She’d come to BookLocker under our “Returning Author Discount“, and had only paid $518. Yes, that included everything she needed to get her book on the market – interior formatting, original cover design, listings on Amazon, BN.com, and numerous other online stores across the globe, distribution by Ingram (the largest distributor), etc., etc. I say ONLY $518 because the “other guys” charge upwards of $1000 or more for the same service (even firms that use the same printer). We offer a big discount to authors on their second and subsequent books with us and, with this author’s first book, everything had gone fine. No delays (from the feds or anyone else).
So, is this martyrdom…or something else?
Believe it or not, here are some other excuses I have heard from authors who have abruptly abandoned their book projects altogether…forever.
1. “I should have never started the publishing process when Mercury was in retrograde!” (Yes, this was a real excuse, given by an author who found out the vast quoting she’d done in her book really was copyright infringement.)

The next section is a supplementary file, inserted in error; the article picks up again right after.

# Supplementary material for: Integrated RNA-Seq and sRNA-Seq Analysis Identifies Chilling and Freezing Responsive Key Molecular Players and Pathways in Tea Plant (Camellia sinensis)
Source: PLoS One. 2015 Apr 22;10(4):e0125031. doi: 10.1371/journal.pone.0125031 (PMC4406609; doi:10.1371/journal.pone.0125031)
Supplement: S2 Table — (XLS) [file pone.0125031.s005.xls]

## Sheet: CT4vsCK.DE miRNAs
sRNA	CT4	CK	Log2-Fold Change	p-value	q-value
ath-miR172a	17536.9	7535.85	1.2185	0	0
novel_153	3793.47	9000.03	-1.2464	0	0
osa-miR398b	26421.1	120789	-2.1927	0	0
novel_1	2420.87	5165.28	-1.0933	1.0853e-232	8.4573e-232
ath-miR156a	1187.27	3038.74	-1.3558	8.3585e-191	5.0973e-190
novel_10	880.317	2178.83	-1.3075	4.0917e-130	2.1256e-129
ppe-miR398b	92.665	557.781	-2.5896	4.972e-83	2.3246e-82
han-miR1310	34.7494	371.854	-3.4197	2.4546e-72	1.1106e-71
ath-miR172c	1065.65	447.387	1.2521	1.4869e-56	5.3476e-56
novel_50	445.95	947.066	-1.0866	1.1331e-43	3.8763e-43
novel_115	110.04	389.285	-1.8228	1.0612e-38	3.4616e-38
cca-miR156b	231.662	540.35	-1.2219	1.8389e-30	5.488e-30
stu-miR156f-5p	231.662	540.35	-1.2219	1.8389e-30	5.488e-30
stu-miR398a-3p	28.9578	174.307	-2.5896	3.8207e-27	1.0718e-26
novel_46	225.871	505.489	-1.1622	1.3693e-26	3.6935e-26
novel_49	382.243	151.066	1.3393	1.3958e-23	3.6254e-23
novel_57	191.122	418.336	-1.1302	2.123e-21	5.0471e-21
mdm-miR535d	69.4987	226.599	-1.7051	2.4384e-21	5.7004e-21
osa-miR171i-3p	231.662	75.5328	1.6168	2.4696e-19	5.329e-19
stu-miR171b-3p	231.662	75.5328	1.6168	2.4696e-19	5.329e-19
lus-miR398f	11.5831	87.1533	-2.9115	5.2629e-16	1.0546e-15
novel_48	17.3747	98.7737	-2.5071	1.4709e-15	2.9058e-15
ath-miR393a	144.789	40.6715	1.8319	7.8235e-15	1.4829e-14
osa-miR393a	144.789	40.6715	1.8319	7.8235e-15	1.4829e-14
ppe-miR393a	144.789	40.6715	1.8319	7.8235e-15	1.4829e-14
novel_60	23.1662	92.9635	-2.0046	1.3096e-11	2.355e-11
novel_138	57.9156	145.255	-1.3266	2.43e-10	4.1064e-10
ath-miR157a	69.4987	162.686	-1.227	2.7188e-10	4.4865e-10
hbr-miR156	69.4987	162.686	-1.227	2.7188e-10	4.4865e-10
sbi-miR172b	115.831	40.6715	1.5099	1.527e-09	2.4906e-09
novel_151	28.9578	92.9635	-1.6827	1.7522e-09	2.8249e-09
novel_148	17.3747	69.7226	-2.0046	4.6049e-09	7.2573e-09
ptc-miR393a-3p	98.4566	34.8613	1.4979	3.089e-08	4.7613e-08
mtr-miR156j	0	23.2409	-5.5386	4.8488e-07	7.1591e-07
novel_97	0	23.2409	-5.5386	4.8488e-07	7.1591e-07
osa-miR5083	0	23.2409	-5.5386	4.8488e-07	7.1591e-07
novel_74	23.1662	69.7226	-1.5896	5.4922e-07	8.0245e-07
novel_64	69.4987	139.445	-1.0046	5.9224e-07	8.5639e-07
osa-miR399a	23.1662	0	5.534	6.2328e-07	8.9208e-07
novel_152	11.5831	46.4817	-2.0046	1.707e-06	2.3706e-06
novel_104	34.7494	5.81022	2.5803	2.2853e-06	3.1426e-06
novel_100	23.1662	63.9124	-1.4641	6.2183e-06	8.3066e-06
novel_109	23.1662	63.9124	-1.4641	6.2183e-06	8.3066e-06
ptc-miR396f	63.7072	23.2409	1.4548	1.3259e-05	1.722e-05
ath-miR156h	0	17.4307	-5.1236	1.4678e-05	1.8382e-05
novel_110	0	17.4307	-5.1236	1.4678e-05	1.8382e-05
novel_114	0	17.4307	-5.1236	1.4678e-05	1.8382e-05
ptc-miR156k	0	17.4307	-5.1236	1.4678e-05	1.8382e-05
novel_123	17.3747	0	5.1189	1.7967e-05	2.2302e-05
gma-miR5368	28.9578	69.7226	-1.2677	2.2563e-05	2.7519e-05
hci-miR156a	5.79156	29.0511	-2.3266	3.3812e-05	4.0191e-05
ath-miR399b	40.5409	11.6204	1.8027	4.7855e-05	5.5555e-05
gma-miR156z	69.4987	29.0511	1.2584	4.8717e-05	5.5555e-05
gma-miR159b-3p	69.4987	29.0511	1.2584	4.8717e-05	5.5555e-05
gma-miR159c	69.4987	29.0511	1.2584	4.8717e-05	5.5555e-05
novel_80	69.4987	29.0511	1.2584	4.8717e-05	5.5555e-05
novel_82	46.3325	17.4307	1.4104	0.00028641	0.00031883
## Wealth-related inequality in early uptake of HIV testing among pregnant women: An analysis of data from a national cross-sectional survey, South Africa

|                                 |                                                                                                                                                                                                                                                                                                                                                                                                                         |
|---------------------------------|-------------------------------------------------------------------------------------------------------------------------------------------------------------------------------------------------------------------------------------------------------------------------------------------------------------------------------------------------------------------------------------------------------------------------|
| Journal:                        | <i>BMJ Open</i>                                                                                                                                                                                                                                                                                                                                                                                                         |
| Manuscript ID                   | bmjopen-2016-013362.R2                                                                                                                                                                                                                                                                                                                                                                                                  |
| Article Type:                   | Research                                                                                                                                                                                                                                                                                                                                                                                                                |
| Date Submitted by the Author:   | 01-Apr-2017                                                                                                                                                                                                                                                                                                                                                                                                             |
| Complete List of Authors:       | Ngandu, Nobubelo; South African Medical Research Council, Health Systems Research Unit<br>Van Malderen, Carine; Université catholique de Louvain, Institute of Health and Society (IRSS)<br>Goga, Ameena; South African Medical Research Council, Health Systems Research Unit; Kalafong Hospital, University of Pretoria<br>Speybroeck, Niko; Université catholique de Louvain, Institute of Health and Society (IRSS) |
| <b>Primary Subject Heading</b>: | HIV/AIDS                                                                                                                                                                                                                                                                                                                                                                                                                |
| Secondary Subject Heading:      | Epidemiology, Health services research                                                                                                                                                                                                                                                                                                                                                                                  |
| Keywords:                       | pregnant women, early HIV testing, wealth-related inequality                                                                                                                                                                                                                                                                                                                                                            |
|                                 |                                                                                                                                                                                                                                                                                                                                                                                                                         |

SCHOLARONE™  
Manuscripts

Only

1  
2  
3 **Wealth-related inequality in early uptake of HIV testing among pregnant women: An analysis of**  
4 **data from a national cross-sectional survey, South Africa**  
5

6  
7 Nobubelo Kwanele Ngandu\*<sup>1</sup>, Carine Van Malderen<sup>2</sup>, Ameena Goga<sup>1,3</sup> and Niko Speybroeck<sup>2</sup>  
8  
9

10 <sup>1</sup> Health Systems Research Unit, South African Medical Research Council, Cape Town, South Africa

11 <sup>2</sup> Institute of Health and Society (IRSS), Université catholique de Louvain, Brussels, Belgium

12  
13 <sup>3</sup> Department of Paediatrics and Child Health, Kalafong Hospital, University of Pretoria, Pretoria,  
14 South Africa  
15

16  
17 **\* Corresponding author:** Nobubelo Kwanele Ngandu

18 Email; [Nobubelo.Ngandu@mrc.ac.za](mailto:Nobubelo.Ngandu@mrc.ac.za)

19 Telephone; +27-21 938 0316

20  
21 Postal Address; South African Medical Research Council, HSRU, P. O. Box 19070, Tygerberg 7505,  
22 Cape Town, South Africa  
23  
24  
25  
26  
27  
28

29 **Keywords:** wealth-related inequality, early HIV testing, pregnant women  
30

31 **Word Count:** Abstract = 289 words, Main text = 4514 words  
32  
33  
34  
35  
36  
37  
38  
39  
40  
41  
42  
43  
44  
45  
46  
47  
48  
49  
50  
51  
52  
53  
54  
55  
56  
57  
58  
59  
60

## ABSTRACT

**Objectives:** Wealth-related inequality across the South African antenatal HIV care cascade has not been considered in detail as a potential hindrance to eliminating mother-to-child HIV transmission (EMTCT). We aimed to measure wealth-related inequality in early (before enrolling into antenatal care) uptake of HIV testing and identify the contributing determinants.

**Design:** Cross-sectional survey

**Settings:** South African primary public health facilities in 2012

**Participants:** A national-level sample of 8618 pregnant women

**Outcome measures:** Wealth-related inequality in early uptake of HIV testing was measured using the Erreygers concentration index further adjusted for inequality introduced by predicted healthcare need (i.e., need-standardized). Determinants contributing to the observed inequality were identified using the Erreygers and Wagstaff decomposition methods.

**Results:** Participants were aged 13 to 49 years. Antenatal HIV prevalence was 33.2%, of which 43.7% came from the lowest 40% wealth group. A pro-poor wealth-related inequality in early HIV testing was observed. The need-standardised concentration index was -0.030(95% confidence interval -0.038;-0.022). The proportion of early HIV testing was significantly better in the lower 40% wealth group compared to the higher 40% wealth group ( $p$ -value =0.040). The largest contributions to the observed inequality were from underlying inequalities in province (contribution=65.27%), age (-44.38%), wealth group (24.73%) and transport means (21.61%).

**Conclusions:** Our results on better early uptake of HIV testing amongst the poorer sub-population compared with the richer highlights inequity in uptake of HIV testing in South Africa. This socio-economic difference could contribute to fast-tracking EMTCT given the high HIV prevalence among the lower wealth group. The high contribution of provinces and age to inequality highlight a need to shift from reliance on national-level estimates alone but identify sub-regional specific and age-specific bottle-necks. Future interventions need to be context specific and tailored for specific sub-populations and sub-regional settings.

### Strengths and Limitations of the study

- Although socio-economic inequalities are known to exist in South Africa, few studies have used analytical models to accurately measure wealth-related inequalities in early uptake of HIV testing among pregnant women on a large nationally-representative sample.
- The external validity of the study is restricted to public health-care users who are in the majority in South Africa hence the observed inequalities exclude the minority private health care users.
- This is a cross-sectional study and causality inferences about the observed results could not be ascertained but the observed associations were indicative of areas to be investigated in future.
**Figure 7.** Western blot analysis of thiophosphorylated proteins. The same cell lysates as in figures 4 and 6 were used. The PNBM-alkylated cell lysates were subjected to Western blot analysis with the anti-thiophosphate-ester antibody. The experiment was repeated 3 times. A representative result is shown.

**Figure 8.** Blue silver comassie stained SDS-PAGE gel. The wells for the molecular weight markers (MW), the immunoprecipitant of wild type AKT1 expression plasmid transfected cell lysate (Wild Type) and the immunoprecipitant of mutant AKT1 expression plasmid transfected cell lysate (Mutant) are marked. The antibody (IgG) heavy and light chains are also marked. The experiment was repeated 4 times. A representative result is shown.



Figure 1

2. “God obviously doesn’t want me to publish this book!” (I have heard this from several authors over the years when minor problems occurred, like not citing the correct Bible on their copyright page, which is an incredibly easy fix.)
3. “The universe is telling me not to publish this book!” (This was after one author’s mother sent him a list of typos she’d found in the book.)
4. “My ex-husband says he’s going to sue for half of my future royalties! I give up! I’m going to delete all my files and forget about being an author!” (A phone call with her attorney could have given her a different perspective. Since the book wasn’t published until after the split, he may have not been entitled to anything at all.)
I’ve heard a couple dozen other excuses over the years as well.